Donald Trump's Nuclear Weapons Treaty Exit Opposed by Most in U.S., Including Republicans

President Donald Trump's decision to withdraw from a key nuclear weapons treaty was opposed by most people in the United States, including fellow members of his Republican Party, a new survey has shown.

The University of Maryland's Program for Public Consultation and Center for International and Security Studies conducted a survey of 1,131 registered voters between January 7 and February 1 in order to determine national views regarding President Donald Trump's withdrawal from the Intermediate-range Nuclear Forces (INF) treaty, signed by the U.S. and the Soviet Union in order to ban the deployment of land-based missiles with ranges between 310 and 3,420 miles. The findings were published Tuesday by the Institute for Public Integrity, a Washington-based investigative journalism hub that consulted on the poll.

The results showed two-thirds of respondents opposed Trump's recent exit from the INF, which both Washington and Moscow have accused one another of violating in recent years, favoring a diplomatic resolution. Up to 55 percent of Republicans were among those who believed pulling out of the treaty was the wrong move, while 77 percent of Democrats believed the same.

"Concerns about Russian cheating, while substantial, were not strong enough to override support for this treaty-based effort to control nuclear arms," Steven Kull, director of Program for Public Consultation, said in a quote carried by the Institute for Public Integrity.

President Donald Trump meets to discuss fighting human trafficking on the southern border on February 1 in Washington. His administration announced an official U.S. suspension of the INF treaty that same day, followed by an exit 180 days later. JIM WATSON/AFP/Getty Images

Washington's accusations of Moscow breaking the terms of the INF treaty date back to at least 2014. Following much speculation, it was officially revealed in 2017 that the missile being scrutinized was the Novator 9M729, an update to the existing 9M728 missile launched by the Iskander short-range ballistic missile system that has been deployed more extensively as tensions with the U.S.-led NATO Western military alliance.

Russia has counterclaimed that the U.S. has broken its end of the deal by setting up an advanced missile defense infrastructure on NATO's side of the borders in Eastern Europe, weapons Moscow has claimed could be also used offensively. Russia has also dismissed the accusations that its 9M729 traveled more than 310 miles, arguing it actually was just under 300 miles, or a few miles less than its predecessor, during the missile's public debut last month.

On Friday, Secretary of State Mike Pompeo announced the U.S. would suspend its duties as outlined by the treaty and would fully withdraw in 180 days. Trump then issued a statement affirming the decision, warning he was developing his "own military response options and will work with NATO and our other allies and partners to deny Russia any military advantage from its unlawful conduct."

The stern message came in response to Moscow's threats of countermeasures should the U.S. leave the INF, a move Russian President Vladimir Putin and a number of his top officials have said could destabilize the international arms control regime.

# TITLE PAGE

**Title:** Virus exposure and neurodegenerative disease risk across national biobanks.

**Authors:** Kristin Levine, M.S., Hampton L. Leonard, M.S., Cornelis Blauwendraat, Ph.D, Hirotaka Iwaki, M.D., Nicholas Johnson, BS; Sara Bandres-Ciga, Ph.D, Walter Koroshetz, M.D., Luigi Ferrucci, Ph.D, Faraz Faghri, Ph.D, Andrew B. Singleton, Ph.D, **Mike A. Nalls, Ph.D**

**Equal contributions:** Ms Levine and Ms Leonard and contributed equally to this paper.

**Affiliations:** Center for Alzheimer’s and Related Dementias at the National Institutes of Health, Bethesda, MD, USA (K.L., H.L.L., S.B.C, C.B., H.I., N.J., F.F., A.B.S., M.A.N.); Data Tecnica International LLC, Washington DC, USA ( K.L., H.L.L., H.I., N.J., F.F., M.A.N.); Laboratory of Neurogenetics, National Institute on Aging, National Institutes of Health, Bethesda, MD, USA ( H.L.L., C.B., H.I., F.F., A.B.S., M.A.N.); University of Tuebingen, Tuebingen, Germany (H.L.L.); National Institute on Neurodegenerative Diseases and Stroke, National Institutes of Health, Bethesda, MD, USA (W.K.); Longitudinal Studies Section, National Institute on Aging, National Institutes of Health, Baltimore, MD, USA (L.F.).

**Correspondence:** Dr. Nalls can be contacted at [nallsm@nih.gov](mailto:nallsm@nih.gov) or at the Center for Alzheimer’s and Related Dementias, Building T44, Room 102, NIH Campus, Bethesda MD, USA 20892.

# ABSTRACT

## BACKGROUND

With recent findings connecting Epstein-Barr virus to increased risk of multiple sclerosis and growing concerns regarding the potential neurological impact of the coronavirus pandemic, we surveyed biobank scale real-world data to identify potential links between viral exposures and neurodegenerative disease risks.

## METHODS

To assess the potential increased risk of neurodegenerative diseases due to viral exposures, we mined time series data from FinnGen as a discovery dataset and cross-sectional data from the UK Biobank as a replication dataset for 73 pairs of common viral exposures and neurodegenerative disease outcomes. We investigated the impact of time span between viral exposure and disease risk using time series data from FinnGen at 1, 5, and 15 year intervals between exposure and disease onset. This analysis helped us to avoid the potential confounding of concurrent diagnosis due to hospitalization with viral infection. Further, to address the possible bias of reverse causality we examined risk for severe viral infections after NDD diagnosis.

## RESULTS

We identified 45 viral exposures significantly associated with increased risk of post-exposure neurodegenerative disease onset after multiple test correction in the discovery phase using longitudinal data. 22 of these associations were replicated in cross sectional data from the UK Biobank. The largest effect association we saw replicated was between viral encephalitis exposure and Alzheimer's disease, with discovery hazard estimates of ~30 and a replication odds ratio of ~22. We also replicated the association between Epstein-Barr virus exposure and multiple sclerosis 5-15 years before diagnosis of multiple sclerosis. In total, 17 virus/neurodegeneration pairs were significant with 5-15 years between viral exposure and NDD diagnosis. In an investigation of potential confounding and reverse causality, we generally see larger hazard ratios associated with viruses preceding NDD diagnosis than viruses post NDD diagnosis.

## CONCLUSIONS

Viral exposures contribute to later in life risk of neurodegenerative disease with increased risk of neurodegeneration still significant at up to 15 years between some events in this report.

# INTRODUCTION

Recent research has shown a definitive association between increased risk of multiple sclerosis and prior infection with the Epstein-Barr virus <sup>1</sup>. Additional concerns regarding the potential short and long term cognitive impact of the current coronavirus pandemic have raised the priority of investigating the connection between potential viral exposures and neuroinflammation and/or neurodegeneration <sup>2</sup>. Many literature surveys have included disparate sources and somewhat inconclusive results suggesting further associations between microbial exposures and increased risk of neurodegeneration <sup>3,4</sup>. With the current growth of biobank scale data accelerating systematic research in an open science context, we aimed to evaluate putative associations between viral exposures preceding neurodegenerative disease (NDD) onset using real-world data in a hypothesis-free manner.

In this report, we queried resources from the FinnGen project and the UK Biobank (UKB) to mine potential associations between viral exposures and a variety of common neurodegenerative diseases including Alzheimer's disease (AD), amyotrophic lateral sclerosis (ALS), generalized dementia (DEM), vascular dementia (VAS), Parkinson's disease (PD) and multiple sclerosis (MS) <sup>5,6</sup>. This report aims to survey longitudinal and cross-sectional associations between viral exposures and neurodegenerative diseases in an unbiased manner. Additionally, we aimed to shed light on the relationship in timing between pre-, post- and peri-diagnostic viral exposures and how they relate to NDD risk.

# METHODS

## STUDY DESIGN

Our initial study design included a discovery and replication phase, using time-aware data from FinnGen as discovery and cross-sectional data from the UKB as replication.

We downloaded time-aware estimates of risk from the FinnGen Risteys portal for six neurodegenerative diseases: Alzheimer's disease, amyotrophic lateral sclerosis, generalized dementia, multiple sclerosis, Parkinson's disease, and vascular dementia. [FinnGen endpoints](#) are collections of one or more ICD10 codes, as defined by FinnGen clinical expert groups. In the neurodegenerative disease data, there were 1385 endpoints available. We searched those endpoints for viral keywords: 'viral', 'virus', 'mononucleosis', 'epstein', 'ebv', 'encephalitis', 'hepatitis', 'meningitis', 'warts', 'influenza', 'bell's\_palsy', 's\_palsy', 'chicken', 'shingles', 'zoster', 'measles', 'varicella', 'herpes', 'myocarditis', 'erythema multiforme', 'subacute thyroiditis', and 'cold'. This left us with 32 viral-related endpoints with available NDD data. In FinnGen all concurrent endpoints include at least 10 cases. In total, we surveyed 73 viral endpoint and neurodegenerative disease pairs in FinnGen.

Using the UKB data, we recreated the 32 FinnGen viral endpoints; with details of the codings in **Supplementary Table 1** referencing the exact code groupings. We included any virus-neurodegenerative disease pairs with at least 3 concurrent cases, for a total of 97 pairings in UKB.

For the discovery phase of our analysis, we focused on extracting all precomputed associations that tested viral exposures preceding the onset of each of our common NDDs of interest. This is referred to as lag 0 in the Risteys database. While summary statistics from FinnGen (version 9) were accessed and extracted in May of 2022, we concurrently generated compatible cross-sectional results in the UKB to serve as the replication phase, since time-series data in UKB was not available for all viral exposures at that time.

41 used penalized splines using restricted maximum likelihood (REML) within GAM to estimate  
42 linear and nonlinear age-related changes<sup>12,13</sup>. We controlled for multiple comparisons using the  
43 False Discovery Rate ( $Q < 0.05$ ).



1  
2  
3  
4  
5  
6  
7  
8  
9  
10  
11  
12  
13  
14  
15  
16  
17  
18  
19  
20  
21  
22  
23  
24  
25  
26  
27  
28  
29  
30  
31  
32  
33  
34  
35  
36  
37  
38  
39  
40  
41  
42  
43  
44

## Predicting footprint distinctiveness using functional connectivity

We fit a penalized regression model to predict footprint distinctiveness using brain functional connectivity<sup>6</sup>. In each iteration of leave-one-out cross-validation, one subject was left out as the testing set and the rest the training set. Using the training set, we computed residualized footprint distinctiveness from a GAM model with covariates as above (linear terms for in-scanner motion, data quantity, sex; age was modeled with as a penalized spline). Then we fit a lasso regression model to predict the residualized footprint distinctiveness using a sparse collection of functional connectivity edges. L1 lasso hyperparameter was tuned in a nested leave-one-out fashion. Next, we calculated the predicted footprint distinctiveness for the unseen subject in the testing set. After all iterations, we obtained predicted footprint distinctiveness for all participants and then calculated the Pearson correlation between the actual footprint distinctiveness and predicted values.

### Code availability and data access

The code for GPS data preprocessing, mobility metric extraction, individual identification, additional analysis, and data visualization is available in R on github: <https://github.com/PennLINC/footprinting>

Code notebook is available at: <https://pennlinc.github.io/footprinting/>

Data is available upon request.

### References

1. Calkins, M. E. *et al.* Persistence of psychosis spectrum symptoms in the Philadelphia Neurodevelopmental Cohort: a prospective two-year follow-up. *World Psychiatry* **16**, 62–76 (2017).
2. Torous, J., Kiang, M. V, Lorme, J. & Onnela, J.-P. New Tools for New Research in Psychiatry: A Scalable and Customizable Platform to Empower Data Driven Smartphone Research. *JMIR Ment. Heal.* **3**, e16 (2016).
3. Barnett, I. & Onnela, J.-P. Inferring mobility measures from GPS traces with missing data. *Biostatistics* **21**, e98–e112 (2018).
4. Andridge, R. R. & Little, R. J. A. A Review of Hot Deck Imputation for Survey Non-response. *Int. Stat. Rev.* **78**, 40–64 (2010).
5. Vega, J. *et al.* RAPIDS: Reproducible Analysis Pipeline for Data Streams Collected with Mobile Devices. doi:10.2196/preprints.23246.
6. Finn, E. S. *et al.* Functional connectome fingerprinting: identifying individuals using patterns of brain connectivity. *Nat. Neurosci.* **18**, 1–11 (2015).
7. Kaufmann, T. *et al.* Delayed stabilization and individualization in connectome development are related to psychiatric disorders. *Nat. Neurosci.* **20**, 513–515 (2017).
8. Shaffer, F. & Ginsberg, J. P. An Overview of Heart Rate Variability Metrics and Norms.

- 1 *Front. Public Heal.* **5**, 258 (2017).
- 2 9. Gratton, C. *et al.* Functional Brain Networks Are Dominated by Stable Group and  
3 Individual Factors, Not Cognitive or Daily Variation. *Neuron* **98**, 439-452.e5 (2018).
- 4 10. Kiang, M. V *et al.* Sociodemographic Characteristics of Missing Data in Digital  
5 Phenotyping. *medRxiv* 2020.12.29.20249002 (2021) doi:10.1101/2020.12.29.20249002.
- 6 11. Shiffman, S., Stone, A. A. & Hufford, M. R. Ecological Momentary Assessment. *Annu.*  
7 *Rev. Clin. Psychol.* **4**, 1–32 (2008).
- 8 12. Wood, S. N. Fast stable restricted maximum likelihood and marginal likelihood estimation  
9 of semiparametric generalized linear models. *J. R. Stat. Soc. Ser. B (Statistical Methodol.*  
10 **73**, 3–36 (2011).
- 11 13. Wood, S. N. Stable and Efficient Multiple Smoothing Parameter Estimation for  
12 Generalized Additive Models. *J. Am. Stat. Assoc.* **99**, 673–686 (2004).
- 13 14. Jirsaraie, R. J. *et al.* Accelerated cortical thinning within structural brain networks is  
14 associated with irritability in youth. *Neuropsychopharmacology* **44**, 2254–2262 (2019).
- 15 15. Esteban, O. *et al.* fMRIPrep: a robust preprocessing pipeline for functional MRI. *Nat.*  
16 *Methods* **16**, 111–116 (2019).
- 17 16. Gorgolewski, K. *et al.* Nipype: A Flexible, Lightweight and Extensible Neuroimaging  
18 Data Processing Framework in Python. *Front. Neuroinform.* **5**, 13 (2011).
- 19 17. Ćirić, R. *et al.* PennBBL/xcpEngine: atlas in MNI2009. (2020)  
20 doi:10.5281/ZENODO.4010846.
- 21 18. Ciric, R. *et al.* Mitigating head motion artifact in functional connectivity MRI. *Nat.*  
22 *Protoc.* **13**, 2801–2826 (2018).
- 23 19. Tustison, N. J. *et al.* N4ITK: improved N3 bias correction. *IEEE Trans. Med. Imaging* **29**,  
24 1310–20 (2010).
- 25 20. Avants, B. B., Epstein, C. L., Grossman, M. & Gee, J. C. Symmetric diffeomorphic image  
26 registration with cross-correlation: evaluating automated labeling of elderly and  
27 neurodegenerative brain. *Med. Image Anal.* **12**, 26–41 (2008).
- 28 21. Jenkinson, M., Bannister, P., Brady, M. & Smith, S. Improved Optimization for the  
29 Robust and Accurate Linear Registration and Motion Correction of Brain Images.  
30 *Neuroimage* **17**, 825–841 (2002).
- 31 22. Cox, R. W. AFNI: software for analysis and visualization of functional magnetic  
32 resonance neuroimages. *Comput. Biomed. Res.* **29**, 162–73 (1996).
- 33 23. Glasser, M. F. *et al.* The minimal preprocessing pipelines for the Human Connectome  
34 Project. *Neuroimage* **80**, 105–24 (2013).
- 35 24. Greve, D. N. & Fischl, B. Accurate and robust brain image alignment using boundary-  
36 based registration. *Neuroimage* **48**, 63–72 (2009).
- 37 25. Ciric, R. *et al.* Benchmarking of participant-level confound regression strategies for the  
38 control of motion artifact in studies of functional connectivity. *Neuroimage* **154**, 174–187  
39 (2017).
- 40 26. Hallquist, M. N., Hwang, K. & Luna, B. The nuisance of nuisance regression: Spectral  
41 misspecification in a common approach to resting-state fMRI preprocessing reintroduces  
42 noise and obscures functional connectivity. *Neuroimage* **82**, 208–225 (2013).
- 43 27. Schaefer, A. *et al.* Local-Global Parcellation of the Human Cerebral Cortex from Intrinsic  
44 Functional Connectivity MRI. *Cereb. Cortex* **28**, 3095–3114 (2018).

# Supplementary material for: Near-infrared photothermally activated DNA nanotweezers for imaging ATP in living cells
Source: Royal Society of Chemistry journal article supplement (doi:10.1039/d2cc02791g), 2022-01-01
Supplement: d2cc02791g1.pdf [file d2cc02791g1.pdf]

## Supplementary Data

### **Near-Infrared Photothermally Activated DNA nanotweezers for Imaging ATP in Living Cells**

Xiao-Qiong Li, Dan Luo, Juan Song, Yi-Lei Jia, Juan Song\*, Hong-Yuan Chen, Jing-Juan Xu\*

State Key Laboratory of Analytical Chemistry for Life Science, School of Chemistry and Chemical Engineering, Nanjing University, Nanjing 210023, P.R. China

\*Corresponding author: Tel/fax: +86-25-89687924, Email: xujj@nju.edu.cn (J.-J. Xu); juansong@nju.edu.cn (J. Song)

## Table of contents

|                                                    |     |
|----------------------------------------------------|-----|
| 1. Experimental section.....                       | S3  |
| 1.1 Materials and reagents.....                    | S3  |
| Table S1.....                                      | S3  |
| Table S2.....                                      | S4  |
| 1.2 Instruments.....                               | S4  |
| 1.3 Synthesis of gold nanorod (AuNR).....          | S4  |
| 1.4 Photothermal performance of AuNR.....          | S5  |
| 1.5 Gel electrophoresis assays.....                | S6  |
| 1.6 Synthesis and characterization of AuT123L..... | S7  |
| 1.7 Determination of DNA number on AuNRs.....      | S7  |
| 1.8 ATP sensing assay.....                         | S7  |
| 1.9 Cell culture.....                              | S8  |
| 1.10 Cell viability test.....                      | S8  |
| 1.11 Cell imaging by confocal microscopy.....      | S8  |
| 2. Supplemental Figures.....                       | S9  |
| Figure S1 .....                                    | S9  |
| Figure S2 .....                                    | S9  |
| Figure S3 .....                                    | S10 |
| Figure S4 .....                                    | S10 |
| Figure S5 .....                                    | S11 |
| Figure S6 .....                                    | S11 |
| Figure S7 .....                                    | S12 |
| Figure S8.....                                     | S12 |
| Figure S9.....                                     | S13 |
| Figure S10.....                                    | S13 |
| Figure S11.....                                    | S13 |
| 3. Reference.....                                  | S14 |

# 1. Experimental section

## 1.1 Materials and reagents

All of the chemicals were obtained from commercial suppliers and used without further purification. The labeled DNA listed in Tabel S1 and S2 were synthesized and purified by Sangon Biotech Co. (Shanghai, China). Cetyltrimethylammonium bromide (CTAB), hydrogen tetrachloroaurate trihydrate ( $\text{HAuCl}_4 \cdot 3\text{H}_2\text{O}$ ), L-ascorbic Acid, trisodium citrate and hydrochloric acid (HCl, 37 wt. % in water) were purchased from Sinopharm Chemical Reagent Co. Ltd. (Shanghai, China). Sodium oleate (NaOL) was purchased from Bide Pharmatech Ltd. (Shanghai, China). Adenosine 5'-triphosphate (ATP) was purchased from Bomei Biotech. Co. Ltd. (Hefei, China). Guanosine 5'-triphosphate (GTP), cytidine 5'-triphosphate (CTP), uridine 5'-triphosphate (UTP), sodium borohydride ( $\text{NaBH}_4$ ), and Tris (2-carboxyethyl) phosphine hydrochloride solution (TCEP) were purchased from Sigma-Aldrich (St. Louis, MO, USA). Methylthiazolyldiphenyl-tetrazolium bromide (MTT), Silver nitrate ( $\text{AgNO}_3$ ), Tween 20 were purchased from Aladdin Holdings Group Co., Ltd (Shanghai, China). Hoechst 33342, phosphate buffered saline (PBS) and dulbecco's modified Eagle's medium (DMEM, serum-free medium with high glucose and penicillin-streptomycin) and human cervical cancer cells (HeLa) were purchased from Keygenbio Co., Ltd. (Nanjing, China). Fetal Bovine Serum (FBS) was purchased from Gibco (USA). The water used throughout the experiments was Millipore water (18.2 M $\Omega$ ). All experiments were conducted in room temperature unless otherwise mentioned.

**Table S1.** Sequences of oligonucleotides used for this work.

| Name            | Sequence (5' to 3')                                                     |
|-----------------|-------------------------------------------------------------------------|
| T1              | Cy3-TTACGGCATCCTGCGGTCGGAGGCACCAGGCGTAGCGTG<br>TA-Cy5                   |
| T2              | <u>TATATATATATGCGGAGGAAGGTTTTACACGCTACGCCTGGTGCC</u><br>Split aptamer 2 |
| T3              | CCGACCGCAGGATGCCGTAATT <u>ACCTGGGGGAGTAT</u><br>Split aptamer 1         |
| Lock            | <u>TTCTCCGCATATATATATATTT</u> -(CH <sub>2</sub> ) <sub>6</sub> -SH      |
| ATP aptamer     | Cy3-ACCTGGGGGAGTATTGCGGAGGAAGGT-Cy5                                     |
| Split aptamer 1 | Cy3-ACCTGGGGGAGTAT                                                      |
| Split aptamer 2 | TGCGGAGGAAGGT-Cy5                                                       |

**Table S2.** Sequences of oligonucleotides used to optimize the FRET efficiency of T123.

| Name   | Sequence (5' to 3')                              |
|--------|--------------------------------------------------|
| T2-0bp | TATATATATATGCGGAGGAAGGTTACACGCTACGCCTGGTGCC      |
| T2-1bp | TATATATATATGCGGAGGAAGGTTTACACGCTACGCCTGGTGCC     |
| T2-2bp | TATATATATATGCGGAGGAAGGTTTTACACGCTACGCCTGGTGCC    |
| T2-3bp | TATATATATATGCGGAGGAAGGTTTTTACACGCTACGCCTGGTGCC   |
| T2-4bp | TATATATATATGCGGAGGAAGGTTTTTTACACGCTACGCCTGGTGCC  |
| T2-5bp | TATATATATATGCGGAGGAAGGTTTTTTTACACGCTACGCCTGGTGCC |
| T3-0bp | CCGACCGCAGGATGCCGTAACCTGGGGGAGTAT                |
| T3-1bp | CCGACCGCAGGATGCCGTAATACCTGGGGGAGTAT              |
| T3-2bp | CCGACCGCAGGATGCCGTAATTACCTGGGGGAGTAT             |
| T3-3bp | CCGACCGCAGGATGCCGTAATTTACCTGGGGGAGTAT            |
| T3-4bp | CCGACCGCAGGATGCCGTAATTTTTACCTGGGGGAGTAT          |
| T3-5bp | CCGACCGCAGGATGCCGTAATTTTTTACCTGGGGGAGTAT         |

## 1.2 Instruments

Russian Defense Ministry officials show off Russia's 9M729 cruise missile at the military Patriot Park outside Moscow on January 23. Moscow insisted the range of a missile system that has prompted Washington to say it will withdraw from a key Cold War arms treaty is allowed under the agreement. VASILY MAXIMOV/AFP/Getty Images

In one of the first blows to post-Cold War arms control efforts, the U.S. pulled out of the 1972 Anti-Ballistic Missile (ABM) treaty in 2002. Putin said during an interview last March with NBC that an "arms race... began at that very moment." One of the lead influencers of that decision was John Bolton, then President George W. Bush's Under Secretary of State for Arms Control and International Security Affairs. Bolton was appointed Trump's national security adviser just weeks after Putin's NBC interview aired.

With the INF facing a similar fate, Russian officials have consistently warned about the prospects of renewing the New Strategic Arms Reduction Treaty (START), signed by former President Barack Obama and Russian President Dmitry Medvedev in 2011. The deal is a follow-up to the expired START established by in 1991 during the final days of the Soviet Union and has led to a major reduction in the number of deployed and non-deployed warheads and launchers possessed by the U.S. and Russia.

Russian Foreign Minister Sergey Lavrov said during a press conference Tuesday that the U.S. exit showed "the basic concepts of the security architecture that was shaped after World War II being undermined, key strategic stability agreements being dismantled," as he accused Washington of failing to provide evidence for its claims. That same day, Russian Defense Minister Sergei Shoigu said Putin has ordered "tit-for-tat mirrored measures" to alleged intermediate-range weapons systems already being developed by the Pentagon.